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Sir Robert Beaumont is behind schedule on a railroad in Africa. Enlisting noted engineer John Henry Patterson to right the ship, Beaumont expects results. Everything seems great until the crew discovers the mutilated corpse of the project's foreman, seemingly killed by a lion. After several more attacks, Patterson calls in famed hunter Charles Remington, who has finally met his match in the bloodthirsty lions. Written by
The rifle used by Val Kilmer is a "Lee Speed" sporter, most likely in .303 caliber. The movie rifle is historically correct and most likely came from a South African movie prop supply house. BSA made these rifles from 1892 until at least the 1930s in .303, 7mm, and 8mm. BSA offered several different versions and options on these rifles. The term "Lee Speed" was used for commercial rifles. These rifles were mostly manufactured by the BSA Company, who also made Gov't rifles (Lee-Enfield Mk1 NoIII being the most common) and had the machinery in place to make sporting versions. See more »
Cremation of Remington, Colonial Patterson's blood make up on his face/neck. See more »
This is the most famous and true African adventure.
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The beginning of the end credits is shown with a photograph of the real bridge as background. See more »
One has to pray that the hunters don't become prey by that which is hunted.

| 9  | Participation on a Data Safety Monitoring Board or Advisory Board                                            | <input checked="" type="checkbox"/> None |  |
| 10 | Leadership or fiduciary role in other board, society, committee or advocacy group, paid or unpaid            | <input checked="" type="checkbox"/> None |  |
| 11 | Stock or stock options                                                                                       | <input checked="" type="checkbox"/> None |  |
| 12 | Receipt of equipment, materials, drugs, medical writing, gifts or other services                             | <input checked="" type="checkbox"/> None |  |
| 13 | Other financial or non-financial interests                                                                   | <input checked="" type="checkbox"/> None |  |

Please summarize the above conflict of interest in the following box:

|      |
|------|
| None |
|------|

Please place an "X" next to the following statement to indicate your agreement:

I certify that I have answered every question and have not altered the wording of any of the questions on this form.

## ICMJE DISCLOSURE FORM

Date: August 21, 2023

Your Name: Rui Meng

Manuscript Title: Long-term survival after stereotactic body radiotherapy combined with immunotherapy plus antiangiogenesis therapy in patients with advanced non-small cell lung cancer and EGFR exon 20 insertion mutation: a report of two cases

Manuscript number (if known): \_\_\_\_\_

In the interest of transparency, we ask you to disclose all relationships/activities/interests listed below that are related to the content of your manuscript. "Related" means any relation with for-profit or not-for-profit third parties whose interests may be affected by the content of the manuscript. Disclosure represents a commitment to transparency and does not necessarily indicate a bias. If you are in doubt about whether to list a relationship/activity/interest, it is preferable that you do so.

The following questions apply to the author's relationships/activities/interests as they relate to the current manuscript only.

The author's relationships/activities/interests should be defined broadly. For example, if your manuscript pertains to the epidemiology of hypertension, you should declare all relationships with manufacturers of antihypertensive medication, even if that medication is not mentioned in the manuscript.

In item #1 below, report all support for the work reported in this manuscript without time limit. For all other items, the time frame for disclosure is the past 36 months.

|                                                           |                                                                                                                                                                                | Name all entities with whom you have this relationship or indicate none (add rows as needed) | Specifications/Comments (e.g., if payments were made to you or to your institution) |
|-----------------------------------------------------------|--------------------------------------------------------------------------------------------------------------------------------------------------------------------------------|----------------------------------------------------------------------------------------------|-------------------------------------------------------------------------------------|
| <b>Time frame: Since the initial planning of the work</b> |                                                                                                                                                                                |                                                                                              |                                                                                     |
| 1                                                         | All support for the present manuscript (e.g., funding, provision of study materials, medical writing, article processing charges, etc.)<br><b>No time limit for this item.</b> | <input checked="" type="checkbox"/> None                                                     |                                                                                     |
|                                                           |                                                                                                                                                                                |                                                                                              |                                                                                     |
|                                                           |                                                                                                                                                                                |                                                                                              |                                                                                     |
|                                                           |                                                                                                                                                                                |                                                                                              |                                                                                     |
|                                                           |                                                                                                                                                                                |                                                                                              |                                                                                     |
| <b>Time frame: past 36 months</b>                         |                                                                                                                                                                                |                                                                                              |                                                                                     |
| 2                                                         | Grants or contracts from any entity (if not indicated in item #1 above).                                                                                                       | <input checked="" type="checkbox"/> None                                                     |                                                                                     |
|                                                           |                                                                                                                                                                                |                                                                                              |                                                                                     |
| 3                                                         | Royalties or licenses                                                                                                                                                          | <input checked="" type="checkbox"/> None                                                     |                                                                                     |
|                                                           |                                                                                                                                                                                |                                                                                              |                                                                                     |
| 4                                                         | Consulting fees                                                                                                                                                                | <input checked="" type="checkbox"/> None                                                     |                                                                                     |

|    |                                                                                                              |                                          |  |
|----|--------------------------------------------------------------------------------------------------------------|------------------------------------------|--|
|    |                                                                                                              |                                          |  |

"The Ghost and the Darkness" is based on an episode from the jungles of 1896 East Africa. Various European countries are engaged in the process of establishing colonies in the wealthy lands of East Africa, and chief among those is Great Britain.
Val Kilmer has been given a task--to build a bridge over a river in one of the British colonial ventures in East Africa. When he arrives at the site, he learns that the task has been brought to a total halt by the presence of two man-eating lions the natives refer to as The Ghost and The Darkness. These lions hunt as a team, and seem to have no fear of any outside force. What's more, efforts to hunt them down have all ended in failure. Kilmer enrolls the aid of an ardent big-game hunter, Remington, played by Michael Douglas. Together, the two men set out to end the killing spree and thus allow the bridge to be built.
The story is marked with violence, may be a bit squeamish for some, but the scenery and photography, coupled with a good story, makes it all worth while. There is also a very unusual musical score, which adds to the background of the entire film. On my own scale, a 9 out of 10
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